Dr Adam Stoten, Chief Operating Officer at Oxford University Innovation, reflects on the changing face of commercialisation in Oxford.
Thirteen years is a long time in technology transfer and nowhere is this more true than in Oxford, where we have seen incredible changes to our innovation ecosystem and to how we approach the business of translating IP and expertise into societal benefit. Having worked during this period in roles supporting the commercialisation of Oxford technologies – several within OUI and also in executive and board roles for some of our spinouts – it’s been a fascinating personal journey, and one that demands the occasional reflection on the past to put into context our future direction.
Back in 2005, when I first started at OUI, technology transfer was still a nascent activity in the UK. While the likes of Oxford, Cambridge, UCL and Imperial were all leaders in developing services to support academic inventors and consultants, the scale of activity was a mere fraction of what it is now. What enticed me to join the team in Oxford back then was the rate of growth, which suggested that the intellectual giant that is the community of academic researchers at Oxford had not so much woken up, but rather was turning its laser-like attention to commercialising the outputs of the university’s world class research.
Since then, the culture of entrepreneurship and enterprise has been fuelled by many important events. The focus on impact of the Research Excellence Framework (REF) has created a uniform pressure on all UK universities and academics to understand and articulate the impact of research in a more meaningful way. The innovation support infrastructure in Oxford has improved out of all recognition in the last decade; besides OUI, we have seen the creation of Oxford Sciences Innovation plc with £600m+ to invest in Oxford spinouts; the Oxford Foundry is supporting student entrepreneurship; divisional business engagement teams have been established to increase partnerships with industry, and new facilities have been developed to house new ventures – the BioEscalator and the Begbroke Accelerator. A major Innovation Review by the university in 2014 helped underscore the institutional commitment and underpins many of the more recent changes.
The changes at OUI have also been profound. From an early focus on the two hard science divisions, we are now also working at increasing scale with Social Sciences and Humanities; learning what commercialisation means to their researchers and how we can best support them. Our Startup Incubator has, since 2010, expanded our support to students and alumni, and has helped create ventures such as Onfido that have raised tens of millions of investment. Academic consultancy has gone from an activity separate to OUI to one of our three main business activities, turning over £5M a year. Our Licensing and Ventures group now receives more than 400 new inventions each year (around three times the number received in 2005) and is responsible for 120+ commercial deals and 20 spinouts annually – putting us in the same league as the top US universities.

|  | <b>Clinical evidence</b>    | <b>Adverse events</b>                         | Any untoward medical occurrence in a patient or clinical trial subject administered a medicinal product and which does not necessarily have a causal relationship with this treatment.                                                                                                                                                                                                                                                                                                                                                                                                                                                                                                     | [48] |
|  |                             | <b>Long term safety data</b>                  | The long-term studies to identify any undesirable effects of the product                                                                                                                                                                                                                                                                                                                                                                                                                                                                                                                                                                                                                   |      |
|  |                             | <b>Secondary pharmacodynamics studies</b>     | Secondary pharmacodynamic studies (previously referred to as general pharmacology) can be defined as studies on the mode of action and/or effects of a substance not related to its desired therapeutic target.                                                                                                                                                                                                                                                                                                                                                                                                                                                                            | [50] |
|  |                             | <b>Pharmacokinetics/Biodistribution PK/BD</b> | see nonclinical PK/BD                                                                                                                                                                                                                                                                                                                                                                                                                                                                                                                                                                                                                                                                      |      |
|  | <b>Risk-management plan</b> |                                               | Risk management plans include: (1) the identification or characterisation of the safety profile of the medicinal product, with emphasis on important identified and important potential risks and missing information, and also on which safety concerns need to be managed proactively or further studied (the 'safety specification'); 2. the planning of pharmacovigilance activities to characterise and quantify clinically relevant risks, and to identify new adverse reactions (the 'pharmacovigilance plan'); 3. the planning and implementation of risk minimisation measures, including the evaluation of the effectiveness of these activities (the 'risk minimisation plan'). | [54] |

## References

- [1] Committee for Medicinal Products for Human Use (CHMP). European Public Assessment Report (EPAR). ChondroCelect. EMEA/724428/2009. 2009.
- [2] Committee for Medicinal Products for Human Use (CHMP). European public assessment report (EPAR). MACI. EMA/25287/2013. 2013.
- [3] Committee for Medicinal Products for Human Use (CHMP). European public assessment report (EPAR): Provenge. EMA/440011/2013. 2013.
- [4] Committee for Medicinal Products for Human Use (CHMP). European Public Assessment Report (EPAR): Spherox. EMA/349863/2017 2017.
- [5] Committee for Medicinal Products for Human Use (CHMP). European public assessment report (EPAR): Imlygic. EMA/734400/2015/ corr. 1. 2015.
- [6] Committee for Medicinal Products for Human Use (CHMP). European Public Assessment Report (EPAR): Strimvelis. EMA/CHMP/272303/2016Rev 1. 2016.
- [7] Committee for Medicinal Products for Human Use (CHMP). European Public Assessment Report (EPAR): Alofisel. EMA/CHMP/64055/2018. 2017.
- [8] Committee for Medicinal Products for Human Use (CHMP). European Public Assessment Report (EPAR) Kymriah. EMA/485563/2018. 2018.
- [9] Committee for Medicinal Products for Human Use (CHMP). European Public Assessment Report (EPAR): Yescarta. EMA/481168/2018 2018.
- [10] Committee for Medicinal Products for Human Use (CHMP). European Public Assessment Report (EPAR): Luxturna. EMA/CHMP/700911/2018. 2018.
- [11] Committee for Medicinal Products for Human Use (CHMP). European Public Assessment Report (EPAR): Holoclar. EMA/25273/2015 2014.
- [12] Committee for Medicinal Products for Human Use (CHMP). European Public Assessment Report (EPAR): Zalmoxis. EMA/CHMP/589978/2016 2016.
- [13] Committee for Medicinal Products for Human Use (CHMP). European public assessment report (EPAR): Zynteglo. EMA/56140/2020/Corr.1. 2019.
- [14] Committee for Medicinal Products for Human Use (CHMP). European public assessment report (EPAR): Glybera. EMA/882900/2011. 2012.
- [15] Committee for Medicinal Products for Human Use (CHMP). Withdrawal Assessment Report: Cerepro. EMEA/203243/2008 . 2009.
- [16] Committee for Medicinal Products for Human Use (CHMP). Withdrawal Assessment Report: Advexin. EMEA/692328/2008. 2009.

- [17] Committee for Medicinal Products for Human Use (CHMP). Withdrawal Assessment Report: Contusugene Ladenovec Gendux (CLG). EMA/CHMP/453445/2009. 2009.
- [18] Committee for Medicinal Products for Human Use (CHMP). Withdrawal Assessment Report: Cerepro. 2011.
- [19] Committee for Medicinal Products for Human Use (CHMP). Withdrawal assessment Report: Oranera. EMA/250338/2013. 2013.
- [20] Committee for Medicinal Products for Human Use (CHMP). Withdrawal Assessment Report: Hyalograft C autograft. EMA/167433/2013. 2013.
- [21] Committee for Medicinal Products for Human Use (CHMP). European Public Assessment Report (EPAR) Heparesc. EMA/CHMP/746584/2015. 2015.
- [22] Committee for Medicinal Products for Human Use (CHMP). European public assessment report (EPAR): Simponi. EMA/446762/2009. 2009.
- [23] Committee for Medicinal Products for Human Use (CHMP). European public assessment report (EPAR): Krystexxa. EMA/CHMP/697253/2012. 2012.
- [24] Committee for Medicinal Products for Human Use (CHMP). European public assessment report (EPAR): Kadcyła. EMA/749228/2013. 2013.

I fully expect OUI to continue to evolve in tune with the University’s needs. With the ongoing roll out of the Industrial Strategy, a new Knowledge Exchange Framework on the horizon to assess institutional competence, and REF 2021 preparations, the scope for OUI to further enhance Oxford’s reputation in Innovation is enormous. Likewise, the commitment by government to increase UK R&D expenditure to 2.4% of GDP in the next decade means that our IP, our spinouts and the advice given by our consultants all assume even greater significance in helping achieve this ambitious target.
Core to all of this are our employees; those who have provided insights in this annual review, and the many others in their teams and in our support groups who display the same commitment to building a world-leading innovation ecosystem in Oxford and ensuring the Oxford Boom is as loud and long as possible.
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